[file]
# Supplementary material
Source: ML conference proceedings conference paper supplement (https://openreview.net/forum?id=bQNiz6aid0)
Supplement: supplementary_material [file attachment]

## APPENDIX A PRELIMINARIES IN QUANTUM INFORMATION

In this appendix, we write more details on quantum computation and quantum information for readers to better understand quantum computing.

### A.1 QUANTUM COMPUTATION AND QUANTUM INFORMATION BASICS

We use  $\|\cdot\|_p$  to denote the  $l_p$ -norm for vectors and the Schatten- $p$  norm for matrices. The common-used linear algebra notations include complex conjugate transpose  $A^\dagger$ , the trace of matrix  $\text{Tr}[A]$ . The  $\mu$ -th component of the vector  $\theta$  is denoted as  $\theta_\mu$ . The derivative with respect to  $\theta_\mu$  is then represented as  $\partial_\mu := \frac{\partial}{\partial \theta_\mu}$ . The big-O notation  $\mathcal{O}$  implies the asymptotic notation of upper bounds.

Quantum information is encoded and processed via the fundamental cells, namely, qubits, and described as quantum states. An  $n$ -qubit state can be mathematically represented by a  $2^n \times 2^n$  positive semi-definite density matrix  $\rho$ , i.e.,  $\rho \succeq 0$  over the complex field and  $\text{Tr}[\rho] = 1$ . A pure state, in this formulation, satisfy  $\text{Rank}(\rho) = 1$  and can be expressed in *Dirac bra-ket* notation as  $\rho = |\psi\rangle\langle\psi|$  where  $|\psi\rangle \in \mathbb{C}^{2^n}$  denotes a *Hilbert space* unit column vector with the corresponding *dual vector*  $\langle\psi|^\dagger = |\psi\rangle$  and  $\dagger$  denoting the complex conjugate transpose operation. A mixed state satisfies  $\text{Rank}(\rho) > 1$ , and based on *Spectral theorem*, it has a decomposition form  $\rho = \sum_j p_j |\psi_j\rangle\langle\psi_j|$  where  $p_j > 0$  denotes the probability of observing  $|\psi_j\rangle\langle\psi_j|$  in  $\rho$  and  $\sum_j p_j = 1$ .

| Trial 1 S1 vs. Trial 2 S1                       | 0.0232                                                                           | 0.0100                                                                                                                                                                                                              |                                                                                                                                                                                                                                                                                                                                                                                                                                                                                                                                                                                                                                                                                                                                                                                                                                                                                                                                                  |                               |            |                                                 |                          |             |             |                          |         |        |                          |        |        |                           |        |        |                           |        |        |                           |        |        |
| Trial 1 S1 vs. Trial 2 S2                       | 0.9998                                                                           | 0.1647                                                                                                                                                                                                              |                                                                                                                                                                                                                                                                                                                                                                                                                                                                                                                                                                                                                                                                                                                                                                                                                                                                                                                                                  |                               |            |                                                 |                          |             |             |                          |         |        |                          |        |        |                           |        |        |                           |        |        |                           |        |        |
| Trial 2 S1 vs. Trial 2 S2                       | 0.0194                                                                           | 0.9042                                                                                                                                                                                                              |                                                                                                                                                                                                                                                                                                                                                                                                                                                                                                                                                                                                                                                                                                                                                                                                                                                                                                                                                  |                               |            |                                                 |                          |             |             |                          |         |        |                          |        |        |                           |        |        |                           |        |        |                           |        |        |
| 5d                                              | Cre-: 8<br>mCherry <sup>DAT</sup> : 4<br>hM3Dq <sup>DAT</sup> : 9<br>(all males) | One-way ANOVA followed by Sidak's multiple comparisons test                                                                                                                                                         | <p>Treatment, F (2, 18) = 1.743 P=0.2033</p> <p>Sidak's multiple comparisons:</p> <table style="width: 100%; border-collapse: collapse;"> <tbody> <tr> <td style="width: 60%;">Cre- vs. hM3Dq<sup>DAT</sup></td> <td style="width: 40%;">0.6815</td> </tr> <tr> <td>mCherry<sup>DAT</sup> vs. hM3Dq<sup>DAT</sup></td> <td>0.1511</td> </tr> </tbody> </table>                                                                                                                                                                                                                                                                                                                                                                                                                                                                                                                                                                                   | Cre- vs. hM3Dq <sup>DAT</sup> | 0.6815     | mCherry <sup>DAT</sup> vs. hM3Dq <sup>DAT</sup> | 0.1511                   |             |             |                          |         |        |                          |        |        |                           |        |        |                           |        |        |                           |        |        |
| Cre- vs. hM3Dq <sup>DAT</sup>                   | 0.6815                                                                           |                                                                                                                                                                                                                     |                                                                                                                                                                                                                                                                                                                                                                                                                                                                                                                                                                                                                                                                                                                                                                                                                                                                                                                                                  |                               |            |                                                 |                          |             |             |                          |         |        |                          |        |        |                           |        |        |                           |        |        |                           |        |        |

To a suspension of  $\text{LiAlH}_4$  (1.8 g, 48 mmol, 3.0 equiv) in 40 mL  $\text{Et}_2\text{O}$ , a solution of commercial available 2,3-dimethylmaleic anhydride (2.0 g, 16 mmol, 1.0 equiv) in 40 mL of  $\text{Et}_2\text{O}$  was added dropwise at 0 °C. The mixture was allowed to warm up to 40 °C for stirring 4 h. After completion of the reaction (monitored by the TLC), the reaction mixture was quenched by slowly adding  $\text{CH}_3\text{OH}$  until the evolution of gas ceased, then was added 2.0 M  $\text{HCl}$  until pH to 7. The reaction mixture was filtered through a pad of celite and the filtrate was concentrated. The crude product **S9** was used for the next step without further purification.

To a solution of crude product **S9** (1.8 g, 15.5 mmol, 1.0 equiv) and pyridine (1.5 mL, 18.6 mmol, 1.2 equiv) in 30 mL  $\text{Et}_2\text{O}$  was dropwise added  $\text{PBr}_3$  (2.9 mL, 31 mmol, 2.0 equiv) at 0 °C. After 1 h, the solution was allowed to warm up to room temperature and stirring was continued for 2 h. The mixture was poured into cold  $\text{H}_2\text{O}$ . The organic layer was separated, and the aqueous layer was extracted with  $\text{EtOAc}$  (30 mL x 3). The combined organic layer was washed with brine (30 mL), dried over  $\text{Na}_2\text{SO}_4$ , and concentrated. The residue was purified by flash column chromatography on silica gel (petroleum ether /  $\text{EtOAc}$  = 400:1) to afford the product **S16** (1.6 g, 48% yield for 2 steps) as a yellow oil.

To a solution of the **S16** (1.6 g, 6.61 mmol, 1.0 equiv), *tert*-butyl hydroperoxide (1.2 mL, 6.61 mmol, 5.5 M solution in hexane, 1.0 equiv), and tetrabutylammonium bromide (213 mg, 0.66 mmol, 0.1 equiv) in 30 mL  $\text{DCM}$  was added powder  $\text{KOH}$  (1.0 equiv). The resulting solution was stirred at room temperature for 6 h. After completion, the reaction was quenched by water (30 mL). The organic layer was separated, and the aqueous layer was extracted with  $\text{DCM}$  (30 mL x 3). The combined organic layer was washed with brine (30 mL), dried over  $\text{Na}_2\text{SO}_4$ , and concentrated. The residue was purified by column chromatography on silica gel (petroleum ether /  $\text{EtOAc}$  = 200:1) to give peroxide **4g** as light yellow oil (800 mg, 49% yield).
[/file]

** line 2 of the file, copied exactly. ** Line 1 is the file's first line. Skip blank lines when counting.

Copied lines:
Source: ML conference proceedings conference paper supplement (https://openreview.net/forum?id=bQNiz6aid0)